Saturday, 23 September 2017

Observer ★★★★★

It’s the year 2084, and augmentation is commonplace among humans. The nanophage, a deadly virus affecting the augmented, has wiped out thousands, and the remaining survivors live now under Chiron, the overbearing corporation that seems to be involved in everything you do. This is the dystopian future you find yourself in throughout ‘Observer’, Bloober’s latest survival horror game available for Xbox, PS4, and PC, and one of the reason it’s so scary is that it’s not all that unrealistic a prophecy.

You play as Daniel Lazarski, an augmented detective working for Chiron who is also known as a Dream Eater (nothing to do with Drowzee or Haunter) as he has the ability to connect to the minds of others to see what they have experienced. Your main focus is to find out what’s happened to your estranged son, Adam, after a distressing call is received, yet things get more and more grim as you find yourself investigating a series of murders within a creepy apartment complex and trying to track down the ominous killer. 

If you’ve played and enjoyed Bloober’s last game, ‘Layers of Fear’, then this is definitely one to play. Although similar to games like ‘Outlast’ and ‘Resident Evil 7’ in format it contains less enemies and jump scares, but it still has the same level of fear (if not more, at points). There’s no weapon to be found and so your only way of surviving is to hide, which made a refreshing change from the wealth of combat-orientated games out there right now. It also didn’t make the same mistake ‘Resident Evil 7’ did either by making combat more prevalent half-way through, which turned the game into a first-person shooter rather than a survival horror.

‘Observer’ instead uses its chilling environments and compelling storyline to keep the excitement fresh. The first few hours of the game are spent exploring your surroundings and investigating crime scenes with your biological and technological scanners, with a few dream-eating sequences thrown in. As you get deeper into the game the dream scenarios start to merge with reality as your mind begins to unravel, leading you to question everything around you. It certainly keeps you on your toes, as you can’t be sure what’s real and what’s not (and at points, what’s from your memory or the other person). As the title suggests, observing really is the key to succeeding in this game, and it’s actually quite easy to miss stuff – there were several points where I found myself going back to places because I knew there was something I’d missed. The game doesn’t give out too many hints either, meaning that you have to rely on just your case log and your eyes.

The storyline was a really well-done aspect of the game, and was perfect considering the short length of the game (it took me about 8 hours to complete in all). The plot is so immersive that you’ll want to read every document and speak to every neighbour which I think is always a good sign (there’s an achievement for that, too!). You can skip this, of course, but it would be easy to get confused if you don’t read everything you can, and so I’d advise focusing on the details instead of trying to rush through the game.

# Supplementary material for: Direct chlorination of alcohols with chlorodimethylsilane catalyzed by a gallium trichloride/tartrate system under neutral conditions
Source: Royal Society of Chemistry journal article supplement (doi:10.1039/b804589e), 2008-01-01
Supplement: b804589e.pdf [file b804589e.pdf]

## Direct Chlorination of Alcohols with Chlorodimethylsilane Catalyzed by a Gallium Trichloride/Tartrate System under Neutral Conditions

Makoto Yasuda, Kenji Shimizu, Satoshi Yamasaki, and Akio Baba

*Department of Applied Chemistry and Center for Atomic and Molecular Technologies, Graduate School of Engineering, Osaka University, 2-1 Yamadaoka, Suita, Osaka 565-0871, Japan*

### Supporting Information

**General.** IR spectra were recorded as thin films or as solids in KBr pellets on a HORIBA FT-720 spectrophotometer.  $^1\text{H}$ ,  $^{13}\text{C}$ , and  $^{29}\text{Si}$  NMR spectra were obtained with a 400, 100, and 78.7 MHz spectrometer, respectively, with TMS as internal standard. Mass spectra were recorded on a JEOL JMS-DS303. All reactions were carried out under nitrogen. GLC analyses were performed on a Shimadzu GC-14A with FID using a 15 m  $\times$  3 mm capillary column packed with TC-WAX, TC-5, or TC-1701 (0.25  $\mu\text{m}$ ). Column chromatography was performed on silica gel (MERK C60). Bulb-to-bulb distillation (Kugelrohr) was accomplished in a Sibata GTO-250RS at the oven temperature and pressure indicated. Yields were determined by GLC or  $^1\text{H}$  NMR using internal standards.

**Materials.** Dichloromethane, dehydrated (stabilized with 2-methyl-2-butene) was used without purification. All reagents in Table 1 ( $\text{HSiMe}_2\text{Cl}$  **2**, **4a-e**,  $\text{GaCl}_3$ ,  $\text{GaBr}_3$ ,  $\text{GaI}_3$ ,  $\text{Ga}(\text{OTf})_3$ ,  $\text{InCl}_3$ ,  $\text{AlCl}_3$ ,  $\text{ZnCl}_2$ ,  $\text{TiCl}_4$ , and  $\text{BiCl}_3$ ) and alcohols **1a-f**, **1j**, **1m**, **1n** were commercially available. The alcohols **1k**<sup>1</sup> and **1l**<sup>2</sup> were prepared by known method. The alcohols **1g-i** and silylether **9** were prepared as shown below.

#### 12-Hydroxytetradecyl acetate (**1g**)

At no point did I want to rush, as the environment was just so disturbingly beautiful that I had to stop and admire it all. I’d say graphically the game is on a par with ‘Resident Evil 7’ and, although you spend most of your time in the same apartment complex, the intricate detail of broken walls and holographic disturbances never gets old. In many scenes you’ll find yourself plunged into darkness, meaning you have to really focus to work out where you’re going (top tip: make use of the video settings!). The environment is erratic and distressing, and the way it can completely change from the slightest of movement makes you feel scarily out of control throughout.

I found the tension spot on, but if I had to be picky there could have been even more puzzles and choices – although choice was a big element it was more towards the end of the game where it really kicked in. The framerate could become choppy at points too, but thankfully this wasn’t too big an issue that it got to me. One point that did irritate me slightly though was the case log – at the start of a new scene your case log updates with what needs to happen next, yet I found it would often update you on what you hadn’t quite discovered yet, so that ruined the surprise element for certain things. This wasn’t too big a deal though, and I soon learnt to wait a bit before checking the log. 

As someone who finds it quite easy to lose interest in games, I particularly enjoyed ‘Observer’ as that moment never happened for me. If you’re all about the action then it won’t be the greatest game you’ve ever played, but for someone who’s looking for an immersive experience that focuses on the philosophy and the art of the game then I couldn’t recommend another game more. 

Hannah Read

Observer at CeX

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